I read Lydia Netzer’s novel Shine Shine Shine when I was very pregnant with my second child. Sleeping had become problematic, so I tore through the story—about a willful woman named Sunny and her genius, astronaut husband, who’s lost in space when Sunny gives birth to their second child. The birth scene was wild, and brought up all the feelings I had about childbirth. But what stayed with me, and what I’ve thought of often since reading the book, is the death scene. Sunny’s mother dies of cancer, in the middle of a dream:
Her legs carried her like the wind, over the gravel road and then onto the railroad ties… She felt no pain, she felt only suffocation. She felt her blood, incapable of doing its job. She felt her mind shutting her off. Don’t tell the feet, she thought. Let them keep running. At last she turned the corner and saw the bridge, its dark brown trapezoid rising against the bright blue sky.
“Sunny,” she tried to cry, but there was no air. Her lungs were finished… Her chest contracted. Her cells struggled. She hung on the nearest beam, clung to it, thrusting her head out over the water… Sunny was there, poised. The mother tried to gasp out a warning, gasp out a final endearment. Sunny, I love you. But there was no air, and there was no blood, and the blackness came down from on top of her head and shut her down. In the reverie, she hung there, her body limp and crumpled against a beam. In reality, she died there, in the hospital bed, and went into the dark. Her brain stopped working and that was it, just at the wrong moment. One minute there were electrochemical processes inside the skull. The next minute there were not. No one shared it, no one eased it to its end, and no one could have prevented it. It just happened. A death happened at 3:12 in the morning. A private death between a mother and herself, before she could finish her one last dream. This is what it means to die: You do not finish.
That scene got to me. It wasn’t just my hormonal weepiness, or my powerful feelings about motherhood. It was something else—the idea that you don’t finish. I would think of this when my grandfather died a few years later. He was a Baptist preacher who believed in God and Heaven and I loved him, so I wanted (for his sake) all of it to be true. But I didn’t believe it, even with motherhood softening all my edges. In that grief, I’d started to write again, and for the first time I wrote fantasy. It offered a way to build afterlives I could believe in. This is why I wanted to ask Lydia a very long, run-on question about that death scene:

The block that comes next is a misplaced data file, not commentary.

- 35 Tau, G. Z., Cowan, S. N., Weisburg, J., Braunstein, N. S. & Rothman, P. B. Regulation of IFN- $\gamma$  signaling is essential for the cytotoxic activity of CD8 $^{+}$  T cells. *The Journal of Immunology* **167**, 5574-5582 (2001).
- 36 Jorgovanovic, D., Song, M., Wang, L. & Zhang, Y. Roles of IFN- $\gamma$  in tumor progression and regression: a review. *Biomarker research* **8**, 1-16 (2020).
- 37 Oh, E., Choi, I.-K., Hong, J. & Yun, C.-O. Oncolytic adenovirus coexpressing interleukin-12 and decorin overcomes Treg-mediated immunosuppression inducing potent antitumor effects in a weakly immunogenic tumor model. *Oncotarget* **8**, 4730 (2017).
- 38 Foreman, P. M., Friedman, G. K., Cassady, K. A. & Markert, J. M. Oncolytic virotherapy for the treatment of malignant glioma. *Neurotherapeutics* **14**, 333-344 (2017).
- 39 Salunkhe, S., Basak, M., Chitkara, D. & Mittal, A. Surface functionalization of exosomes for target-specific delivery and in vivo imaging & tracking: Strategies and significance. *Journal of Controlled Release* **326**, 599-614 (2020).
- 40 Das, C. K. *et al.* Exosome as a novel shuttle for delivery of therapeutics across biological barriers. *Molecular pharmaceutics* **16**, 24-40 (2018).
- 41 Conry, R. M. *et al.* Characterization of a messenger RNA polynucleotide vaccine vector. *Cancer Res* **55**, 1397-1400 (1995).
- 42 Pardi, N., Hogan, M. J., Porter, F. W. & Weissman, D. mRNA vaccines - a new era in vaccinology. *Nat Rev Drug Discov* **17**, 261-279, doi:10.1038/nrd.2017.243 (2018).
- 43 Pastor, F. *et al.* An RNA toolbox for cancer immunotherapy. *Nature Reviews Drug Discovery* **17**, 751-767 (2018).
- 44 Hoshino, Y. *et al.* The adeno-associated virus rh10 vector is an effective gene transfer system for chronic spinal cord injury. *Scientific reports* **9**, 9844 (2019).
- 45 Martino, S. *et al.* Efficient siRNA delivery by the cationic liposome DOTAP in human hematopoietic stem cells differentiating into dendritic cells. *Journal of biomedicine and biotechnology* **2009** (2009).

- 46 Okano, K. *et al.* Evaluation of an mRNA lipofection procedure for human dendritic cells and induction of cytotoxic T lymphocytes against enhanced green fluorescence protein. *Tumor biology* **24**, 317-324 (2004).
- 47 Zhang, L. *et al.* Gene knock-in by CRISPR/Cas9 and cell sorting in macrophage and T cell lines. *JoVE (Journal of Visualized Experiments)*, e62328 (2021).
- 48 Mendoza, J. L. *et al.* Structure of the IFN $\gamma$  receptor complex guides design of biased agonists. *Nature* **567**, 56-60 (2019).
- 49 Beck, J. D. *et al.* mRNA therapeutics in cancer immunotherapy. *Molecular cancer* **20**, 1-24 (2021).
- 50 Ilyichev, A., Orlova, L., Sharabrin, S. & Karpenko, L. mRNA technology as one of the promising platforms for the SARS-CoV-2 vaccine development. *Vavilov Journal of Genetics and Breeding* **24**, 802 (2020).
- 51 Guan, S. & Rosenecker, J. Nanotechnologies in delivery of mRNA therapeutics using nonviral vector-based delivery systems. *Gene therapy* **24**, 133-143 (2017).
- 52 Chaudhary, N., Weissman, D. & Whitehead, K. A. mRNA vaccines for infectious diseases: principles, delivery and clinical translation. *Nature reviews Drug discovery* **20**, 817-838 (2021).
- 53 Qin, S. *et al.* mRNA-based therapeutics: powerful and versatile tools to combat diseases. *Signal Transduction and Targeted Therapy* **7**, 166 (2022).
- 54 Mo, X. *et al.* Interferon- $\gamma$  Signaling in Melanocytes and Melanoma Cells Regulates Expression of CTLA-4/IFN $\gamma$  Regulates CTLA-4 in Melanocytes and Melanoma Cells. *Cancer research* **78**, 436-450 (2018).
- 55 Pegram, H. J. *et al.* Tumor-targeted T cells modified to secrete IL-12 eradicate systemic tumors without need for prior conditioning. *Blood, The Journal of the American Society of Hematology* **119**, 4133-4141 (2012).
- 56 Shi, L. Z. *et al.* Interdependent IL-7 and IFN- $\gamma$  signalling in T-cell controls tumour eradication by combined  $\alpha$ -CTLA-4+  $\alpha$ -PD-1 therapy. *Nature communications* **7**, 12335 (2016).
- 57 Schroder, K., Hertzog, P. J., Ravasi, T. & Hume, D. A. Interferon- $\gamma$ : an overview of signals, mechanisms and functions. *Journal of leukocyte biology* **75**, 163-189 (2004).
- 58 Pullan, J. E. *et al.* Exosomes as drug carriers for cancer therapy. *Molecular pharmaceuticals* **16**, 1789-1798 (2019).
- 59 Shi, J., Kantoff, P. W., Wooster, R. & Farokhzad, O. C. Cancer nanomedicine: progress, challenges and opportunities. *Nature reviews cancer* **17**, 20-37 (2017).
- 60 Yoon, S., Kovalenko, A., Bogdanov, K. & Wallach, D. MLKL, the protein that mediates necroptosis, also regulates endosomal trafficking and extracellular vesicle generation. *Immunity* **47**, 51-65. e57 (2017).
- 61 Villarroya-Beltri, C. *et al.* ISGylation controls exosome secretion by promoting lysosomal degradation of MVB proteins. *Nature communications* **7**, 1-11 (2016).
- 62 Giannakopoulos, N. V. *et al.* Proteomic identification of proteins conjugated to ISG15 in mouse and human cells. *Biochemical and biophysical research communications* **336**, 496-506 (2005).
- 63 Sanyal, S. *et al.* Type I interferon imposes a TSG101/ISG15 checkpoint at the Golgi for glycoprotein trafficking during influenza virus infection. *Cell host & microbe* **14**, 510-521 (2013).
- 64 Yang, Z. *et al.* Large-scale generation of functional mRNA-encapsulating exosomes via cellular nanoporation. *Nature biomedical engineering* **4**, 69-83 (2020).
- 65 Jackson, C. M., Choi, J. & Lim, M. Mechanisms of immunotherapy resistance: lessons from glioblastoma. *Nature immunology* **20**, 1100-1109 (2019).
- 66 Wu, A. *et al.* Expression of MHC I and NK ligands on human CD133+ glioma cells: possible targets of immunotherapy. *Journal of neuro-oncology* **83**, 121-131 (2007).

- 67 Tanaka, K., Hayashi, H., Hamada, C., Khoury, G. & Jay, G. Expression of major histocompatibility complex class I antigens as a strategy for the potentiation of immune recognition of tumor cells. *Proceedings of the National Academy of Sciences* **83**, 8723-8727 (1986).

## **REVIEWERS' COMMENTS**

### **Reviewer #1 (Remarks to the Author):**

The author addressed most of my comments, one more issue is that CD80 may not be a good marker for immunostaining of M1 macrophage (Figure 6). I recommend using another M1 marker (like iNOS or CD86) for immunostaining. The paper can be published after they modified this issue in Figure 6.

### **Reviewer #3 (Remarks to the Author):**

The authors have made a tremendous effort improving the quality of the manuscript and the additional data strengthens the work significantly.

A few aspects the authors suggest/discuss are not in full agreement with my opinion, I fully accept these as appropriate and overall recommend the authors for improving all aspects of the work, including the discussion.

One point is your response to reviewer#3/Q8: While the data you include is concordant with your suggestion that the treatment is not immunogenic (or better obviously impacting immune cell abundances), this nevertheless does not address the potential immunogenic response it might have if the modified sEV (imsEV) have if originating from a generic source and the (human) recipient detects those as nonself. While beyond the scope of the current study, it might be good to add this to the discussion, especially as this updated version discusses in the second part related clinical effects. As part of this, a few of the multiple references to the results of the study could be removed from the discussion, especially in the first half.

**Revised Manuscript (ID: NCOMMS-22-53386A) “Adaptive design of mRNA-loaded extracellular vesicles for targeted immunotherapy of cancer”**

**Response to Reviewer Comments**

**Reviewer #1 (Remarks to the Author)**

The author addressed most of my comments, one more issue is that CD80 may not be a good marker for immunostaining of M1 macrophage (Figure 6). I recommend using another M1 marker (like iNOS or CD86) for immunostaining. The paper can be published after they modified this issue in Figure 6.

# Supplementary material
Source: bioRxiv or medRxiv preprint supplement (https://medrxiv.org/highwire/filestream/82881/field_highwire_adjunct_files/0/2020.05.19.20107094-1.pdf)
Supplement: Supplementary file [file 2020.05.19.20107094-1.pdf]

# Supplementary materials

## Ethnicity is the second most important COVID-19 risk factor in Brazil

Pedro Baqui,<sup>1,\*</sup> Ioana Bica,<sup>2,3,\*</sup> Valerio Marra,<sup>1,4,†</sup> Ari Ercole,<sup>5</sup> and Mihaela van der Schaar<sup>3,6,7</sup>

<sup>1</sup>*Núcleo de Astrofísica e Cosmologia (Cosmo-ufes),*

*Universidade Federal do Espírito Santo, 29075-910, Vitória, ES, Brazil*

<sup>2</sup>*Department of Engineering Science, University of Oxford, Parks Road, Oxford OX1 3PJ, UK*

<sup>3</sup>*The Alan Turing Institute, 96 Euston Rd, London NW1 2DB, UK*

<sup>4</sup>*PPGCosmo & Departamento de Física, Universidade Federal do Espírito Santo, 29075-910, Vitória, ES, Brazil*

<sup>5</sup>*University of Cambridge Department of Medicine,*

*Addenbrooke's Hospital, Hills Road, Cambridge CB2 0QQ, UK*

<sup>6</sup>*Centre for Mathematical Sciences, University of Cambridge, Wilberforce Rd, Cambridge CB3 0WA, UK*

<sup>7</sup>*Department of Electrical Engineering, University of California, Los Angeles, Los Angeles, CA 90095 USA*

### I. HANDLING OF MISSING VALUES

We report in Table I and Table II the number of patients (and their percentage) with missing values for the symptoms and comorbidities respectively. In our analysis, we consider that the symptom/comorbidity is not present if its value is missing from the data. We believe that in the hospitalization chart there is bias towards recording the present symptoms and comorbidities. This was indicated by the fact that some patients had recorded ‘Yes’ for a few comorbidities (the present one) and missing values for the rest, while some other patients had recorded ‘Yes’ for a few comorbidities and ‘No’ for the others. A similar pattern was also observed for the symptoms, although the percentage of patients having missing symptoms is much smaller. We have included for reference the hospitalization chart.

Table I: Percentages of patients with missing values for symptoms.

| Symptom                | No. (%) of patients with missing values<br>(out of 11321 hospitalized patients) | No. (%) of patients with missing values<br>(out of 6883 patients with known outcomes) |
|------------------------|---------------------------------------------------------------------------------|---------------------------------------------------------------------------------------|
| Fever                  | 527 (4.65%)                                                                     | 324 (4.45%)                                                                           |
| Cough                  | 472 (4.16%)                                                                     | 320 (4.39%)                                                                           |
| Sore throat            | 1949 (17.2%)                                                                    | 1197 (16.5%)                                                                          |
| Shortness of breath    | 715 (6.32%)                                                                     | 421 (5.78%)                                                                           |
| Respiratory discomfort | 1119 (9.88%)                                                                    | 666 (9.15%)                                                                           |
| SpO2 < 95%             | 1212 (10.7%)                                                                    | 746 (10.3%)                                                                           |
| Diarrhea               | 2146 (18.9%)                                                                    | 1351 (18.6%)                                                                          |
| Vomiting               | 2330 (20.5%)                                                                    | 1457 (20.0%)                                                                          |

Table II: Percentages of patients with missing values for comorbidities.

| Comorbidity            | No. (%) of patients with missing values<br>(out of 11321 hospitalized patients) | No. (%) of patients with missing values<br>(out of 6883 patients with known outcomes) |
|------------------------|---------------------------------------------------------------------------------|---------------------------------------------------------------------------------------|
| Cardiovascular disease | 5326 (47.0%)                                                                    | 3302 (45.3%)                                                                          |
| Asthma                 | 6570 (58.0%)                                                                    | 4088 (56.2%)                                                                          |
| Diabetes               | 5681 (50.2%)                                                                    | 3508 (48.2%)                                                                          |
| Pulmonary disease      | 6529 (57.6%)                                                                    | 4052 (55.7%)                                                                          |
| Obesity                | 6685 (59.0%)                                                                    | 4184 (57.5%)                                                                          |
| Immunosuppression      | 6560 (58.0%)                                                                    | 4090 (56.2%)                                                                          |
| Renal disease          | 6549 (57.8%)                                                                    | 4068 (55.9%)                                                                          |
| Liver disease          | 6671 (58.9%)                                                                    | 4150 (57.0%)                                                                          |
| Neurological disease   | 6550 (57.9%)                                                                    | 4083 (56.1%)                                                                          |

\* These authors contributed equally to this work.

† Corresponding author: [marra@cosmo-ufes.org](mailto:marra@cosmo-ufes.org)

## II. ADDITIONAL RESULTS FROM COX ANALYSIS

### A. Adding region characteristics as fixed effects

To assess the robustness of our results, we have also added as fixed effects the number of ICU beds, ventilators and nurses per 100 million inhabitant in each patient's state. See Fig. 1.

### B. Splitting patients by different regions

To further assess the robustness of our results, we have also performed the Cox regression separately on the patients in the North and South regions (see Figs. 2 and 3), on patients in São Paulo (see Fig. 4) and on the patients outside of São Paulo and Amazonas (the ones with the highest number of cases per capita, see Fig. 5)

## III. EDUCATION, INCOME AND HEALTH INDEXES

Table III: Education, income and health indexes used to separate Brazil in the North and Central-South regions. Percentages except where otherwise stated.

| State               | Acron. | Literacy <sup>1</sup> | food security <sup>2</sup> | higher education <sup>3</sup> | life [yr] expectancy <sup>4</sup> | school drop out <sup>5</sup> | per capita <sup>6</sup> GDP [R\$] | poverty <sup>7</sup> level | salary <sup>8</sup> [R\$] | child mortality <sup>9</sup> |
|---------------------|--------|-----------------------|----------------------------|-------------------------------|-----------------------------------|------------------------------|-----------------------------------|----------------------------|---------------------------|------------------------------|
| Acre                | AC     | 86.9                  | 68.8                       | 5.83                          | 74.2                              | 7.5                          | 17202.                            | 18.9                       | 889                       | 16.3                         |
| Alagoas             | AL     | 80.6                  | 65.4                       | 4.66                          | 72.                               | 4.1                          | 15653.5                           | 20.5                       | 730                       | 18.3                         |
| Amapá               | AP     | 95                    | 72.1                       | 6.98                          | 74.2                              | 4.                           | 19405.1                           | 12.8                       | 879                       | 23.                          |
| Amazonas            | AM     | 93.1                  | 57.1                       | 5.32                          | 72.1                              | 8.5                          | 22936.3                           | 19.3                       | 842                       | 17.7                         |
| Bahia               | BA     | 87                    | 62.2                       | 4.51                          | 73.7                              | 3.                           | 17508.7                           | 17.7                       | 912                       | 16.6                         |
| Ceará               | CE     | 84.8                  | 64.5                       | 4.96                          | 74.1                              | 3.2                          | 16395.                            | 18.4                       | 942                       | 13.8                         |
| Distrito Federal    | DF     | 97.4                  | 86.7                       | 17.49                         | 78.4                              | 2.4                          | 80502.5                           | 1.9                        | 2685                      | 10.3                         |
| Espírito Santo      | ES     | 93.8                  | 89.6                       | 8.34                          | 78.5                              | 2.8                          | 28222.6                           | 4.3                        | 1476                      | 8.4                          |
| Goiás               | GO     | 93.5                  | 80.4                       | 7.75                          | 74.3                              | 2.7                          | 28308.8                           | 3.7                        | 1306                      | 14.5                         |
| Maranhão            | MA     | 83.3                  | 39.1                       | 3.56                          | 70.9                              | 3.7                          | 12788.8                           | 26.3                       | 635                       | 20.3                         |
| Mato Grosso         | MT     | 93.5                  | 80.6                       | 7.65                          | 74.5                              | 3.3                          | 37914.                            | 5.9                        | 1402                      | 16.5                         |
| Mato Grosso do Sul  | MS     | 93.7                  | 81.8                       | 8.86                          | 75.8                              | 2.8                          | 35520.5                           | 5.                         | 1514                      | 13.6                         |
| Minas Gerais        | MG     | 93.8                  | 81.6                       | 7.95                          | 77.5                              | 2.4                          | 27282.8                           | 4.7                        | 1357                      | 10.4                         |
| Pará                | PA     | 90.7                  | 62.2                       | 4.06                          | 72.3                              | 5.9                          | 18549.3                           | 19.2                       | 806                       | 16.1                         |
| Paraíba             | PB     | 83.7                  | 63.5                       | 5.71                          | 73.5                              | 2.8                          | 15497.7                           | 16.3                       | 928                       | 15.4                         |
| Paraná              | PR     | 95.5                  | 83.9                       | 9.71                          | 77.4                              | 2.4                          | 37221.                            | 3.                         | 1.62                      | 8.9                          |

How did this scene come to you; what of your own experience (if anything) brought you to it; did it begin with a particular image or idea that stuck with you, or was it a feeling that you poured the writing into?
“My mother died in 2003 between the Battle of Baghdad and the capture of Saddam Hussein. She was a big fan of cable news, and that summer when she was too tired and sick to watch she would ask me to just tell her what was going on. As I sat with her, not knowing how close she was coming to death, I realized that while I was recounting the day’s events overseas, she wasn’t really listening to my words. She was kind of drifting in and out of sleep. When she died, one of the first horrible things that occurred to me was that she would never find out what happened to Saddam Hussein—if he was captured and how.
She would never find out the ending to so many stories. Who would win the next election? Who kidnapped Zoey Bartlet on The West Wing? I was pregnant when my mother died, and she would never know my second child, that she is a beautiful girl, or see her smile or listen to her play the viola.
A few weeks after my mother died, someone said to me that I should be comforted because she was looking down on me from heaven. I hope I smiled and was polite, but the reality is that I never felt that. Not even for a single minute. I never felt her presence after her last day—it was as if she was erased from the universe forever. That was a horrible adjustment for me, because I had always reported things to my mother in long phone calls. It felt like nothing that happened was real because she didn’t know about it and I had no way of letting her know.
Those are selfish feelings. Writing this into my novel, I tried to inhabit the other side of this death: the mother who was leaving her child and would never find out if the child would truly be okay. She didn’t trust. How could she trust? She didn’t know. How could she know? She tried her very best down to her last breath to protect and love her child, and give her daughter everything. And then there came a time when she couldn’t give any more, and she couldn’t know how it all turned out, and she died. What that feels like I can only imagine.”
You can order Shine Shine Shine and Lydia Netzer’s other novels at Binnacle Books.